Gramsci used the term hegemony to denote the predominance of one social class over others (e.g. bourgeois hegemony). This represents not only political and economic control, but also the ability of the dominant class to project its own way of seeing the world so that those who are subordinated by it accept it as 'common sense' and 'natural'.


The McGraw-Hill (2004) Sociological Theory site Glossary defines 'hegemony' as:

A Marxist concept given its usually accepted definition by Antonio Gramsci that focuses on cultural leadership rather than the coercive effect of state domination.

 

Danesi (2010, p. 140–41) wrote:

Essentially, culture industry theory sees media texts as being controlled by those in power in order to ensure consent by the masses, rather than using overt forms of coercion.
Today, this theory has morphed into so-called hegemony theory – a concept going back to Italian Marxist Antonio Gramsci (1891–1937). Those who espouse this theory are generally highly pessimistic about the possibility of genuine culture under modern capitalism, condemning media culture as a form of propaganda designed to indoctrinate the masses and disguise social inequalities.
One of the more interesting contemporary versions of hegemony theory is the one associated with the writings of the American linguist Noam Chomsky (b. 1928). Chomsky has always claimed that those who control the funding and ownership of the media, including the government in power, pressurize the media to select and present news coverage in ways that are favourable to them. In such a model, the contemporary mass media are seen as nothing more than a propaganda arm of the government and of capitalist interests. The mainstream media are thus seen as complicit in the ‘manufacturing of consent’, selecting the topics to be printed or broadcast, establishing the character of the concerns to be expressed, determining the ways in which issues are to be framed, and filtering out any information assessed to be contradictory.... Examples used to support this view include American TV coverage of recent wars, from the Vietnam War to the War on Terror (in Afghanistan and Iraq), in which it is transparently obvious that the government in power has the ability to influence how the media present stories. The end result is a media propaganda system that espouses an elemental form of patriotism and the benevolence of power brokers and the institutions that they head.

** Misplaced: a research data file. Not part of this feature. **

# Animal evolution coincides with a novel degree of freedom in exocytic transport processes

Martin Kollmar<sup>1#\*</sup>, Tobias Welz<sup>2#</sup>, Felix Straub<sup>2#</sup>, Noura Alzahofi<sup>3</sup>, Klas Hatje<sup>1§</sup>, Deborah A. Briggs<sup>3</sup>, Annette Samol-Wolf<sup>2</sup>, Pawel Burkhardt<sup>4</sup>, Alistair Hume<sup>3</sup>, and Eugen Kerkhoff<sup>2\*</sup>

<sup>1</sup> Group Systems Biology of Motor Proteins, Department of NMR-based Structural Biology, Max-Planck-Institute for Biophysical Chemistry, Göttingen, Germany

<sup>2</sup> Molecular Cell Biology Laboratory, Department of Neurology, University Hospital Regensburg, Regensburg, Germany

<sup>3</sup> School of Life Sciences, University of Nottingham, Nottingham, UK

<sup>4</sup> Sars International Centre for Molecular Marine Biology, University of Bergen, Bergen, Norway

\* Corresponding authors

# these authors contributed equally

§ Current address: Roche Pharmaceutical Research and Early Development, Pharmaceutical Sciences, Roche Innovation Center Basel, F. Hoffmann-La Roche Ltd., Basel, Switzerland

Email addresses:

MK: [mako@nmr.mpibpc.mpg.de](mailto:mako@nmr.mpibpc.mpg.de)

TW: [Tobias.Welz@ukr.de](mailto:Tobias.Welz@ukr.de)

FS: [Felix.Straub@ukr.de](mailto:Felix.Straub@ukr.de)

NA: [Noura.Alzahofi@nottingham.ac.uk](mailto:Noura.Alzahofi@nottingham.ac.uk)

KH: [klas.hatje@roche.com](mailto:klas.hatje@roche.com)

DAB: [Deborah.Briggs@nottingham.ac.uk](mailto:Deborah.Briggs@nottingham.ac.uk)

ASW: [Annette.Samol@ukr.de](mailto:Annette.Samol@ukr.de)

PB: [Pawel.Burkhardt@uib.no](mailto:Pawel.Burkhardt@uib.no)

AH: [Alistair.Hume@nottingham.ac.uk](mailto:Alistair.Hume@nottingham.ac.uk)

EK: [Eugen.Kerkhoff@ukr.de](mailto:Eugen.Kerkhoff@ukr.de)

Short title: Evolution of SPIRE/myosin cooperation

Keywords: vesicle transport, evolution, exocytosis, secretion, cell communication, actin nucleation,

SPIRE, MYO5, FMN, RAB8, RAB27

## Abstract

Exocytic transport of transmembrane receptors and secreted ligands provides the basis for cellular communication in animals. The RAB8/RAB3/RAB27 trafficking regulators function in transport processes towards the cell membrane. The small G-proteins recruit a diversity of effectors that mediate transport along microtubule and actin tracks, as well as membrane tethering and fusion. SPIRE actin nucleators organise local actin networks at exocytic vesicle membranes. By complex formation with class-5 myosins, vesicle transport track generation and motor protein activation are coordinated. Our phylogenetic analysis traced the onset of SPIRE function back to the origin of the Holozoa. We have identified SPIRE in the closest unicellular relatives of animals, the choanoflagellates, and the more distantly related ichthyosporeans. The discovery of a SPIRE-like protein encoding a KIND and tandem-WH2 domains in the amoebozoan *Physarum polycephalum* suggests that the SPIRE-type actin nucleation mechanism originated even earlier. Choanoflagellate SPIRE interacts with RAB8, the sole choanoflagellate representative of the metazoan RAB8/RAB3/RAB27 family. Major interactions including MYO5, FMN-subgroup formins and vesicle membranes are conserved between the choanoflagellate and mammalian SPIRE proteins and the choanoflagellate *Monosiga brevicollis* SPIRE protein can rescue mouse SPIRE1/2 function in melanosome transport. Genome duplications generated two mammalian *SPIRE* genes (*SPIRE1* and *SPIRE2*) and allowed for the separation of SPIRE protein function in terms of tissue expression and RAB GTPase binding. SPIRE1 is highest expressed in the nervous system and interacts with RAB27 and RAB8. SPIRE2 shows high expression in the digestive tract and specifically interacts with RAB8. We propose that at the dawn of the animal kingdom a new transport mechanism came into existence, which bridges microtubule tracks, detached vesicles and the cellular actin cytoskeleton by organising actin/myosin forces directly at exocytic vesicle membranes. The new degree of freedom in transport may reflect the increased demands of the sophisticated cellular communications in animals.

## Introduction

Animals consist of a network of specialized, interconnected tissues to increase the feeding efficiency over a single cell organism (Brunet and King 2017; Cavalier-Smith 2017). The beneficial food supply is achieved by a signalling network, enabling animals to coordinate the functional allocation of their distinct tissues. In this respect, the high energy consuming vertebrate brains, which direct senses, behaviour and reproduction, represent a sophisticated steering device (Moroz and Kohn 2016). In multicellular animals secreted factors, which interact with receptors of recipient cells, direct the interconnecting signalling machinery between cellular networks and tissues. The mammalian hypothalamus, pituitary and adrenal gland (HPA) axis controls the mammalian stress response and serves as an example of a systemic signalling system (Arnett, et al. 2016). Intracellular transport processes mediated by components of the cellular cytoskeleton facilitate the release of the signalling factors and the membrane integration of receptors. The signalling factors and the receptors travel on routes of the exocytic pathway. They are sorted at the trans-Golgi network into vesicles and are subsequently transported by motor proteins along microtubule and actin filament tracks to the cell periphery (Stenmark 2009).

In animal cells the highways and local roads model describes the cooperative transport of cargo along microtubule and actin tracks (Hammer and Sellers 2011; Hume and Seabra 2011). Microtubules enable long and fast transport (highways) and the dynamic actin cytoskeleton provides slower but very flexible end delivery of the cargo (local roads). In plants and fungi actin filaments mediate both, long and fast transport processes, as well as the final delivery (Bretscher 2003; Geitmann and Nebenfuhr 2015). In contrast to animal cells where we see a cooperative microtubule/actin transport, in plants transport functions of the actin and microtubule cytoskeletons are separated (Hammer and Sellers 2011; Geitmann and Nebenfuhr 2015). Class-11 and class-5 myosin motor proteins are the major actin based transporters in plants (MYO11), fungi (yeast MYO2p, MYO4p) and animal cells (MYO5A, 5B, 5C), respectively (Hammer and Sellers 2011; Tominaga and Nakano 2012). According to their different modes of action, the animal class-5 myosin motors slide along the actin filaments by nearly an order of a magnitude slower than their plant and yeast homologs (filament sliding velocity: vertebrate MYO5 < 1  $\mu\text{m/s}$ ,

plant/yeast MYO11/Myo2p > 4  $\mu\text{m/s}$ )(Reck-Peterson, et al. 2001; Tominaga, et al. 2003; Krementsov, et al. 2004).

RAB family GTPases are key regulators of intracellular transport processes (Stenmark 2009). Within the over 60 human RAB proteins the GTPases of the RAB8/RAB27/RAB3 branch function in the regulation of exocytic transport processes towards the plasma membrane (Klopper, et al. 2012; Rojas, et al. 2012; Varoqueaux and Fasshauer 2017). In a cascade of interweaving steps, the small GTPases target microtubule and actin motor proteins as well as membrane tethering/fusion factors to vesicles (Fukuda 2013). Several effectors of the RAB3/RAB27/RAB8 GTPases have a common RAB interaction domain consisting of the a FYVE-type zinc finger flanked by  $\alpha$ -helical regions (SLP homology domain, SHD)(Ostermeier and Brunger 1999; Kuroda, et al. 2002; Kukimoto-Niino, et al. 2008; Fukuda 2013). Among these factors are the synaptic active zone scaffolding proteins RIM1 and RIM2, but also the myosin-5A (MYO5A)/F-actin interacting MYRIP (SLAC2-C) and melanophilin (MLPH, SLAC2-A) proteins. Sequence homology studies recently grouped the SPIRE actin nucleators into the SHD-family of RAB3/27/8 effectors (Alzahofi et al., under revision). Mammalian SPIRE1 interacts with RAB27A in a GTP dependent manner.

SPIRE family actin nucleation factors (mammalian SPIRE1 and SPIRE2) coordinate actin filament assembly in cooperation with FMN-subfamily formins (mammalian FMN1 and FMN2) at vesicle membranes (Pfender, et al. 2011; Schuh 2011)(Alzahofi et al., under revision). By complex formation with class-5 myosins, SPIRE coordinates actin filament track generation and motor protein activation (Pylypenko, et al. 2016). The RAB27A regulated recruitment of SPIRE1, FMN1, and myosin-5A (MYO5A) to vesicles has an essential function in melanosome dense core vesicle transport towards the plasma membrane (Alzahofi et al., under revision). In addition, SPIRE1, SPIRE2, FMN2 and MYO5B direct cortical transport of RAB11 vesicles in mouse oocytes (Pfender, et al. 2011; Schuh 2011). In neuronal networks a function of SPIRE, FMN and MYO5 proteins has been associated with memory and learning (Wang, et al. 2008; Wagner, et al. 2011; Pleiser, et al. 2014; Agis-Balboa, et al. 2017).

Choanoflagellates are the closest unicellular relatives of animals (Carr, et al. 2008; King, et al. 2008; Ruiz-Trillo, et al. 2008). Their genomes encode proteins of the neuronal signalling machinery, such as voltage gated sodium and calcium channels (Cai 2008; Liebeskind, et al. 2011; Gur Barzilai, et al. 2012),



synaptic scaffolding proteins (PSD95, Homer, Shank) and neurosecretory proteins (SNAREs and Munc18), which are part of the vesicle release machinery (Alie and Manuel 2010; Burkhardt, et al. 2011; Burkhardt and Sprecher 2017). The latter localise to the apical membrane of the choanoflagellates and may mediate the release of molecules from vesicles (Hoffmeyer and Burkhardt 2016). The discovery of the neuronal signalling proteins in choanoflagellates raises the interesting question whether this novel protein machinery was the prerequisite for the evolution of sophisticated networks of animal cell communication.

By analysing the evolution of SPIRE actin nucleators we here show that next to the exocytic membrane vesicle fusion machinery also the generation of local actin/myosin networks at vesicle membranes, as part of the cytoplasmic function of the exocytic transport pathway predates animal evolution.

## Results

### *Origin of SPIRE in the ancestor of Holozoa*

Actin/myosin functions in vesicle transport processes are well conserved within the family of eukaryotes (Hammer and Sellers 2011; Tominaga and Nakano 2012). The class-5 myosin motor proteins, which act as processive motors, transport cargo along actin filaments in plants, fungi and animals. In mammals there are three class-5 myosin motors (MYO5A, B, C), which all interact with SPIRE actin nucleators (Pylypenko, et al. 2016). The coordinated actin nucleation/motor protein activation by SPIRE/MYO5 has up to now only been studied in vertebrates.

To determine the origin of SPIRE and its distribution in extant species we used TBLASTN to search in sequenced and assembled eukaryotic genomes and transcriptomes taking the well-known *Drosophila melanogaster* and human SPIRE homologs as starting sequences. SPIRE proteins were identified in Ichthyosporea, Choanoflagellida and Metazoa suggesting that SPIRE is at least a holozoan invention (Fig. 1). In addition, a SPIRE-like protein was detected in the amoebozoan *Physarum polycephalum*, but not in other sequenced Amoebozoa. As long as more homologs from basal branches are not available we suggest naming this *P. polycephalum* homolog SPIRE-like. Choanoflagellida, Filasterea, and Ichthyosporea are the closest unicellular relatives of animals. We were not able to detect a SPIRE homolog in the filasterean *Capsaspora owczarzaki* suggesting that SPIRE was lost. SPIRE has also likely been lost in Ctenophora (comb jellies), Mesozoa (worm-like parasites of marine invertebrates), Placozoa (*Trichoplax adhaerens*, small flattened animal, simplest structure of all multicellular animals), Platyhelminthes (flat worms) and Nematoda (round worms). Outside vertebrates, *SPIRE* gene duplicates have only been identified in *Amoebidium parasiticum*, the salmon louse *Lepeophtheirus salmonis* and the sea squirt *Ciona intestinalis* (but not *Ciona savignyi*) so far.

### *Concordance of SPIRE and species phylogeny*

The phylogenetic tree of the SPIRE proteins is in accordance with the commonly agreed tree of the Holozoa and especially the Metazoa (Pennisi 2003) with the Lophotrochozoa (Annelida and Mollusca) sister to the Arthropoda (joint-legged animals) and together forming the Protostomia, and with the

associated issues

 


related areas

See also

Researching the Real World Section 2.4.1.2


Sources

Chandler, D., 2000, Marxist Media Theory, last modified: 04 October 2000, available at http://www.aber.ac.uk/media/Documents/marxism/marxism10.html, accessed 22 January 2013, page not available 22 December 2016.

Danesi, M., 2010, 'Semiotics of Media Culture', in Cobley, P. (Ed.), 2010, The Routledge Companion to Semiotics, pp. 135–49, Abingdon, Routledge.

McGraw-Hill, 2004, Sociological Theory: Glossary , available at http://highered.mcgraw-hill.com/sites/0072817186/student_view0/glossary.html, accessed 15 May 2013, page not available 22 December 2016.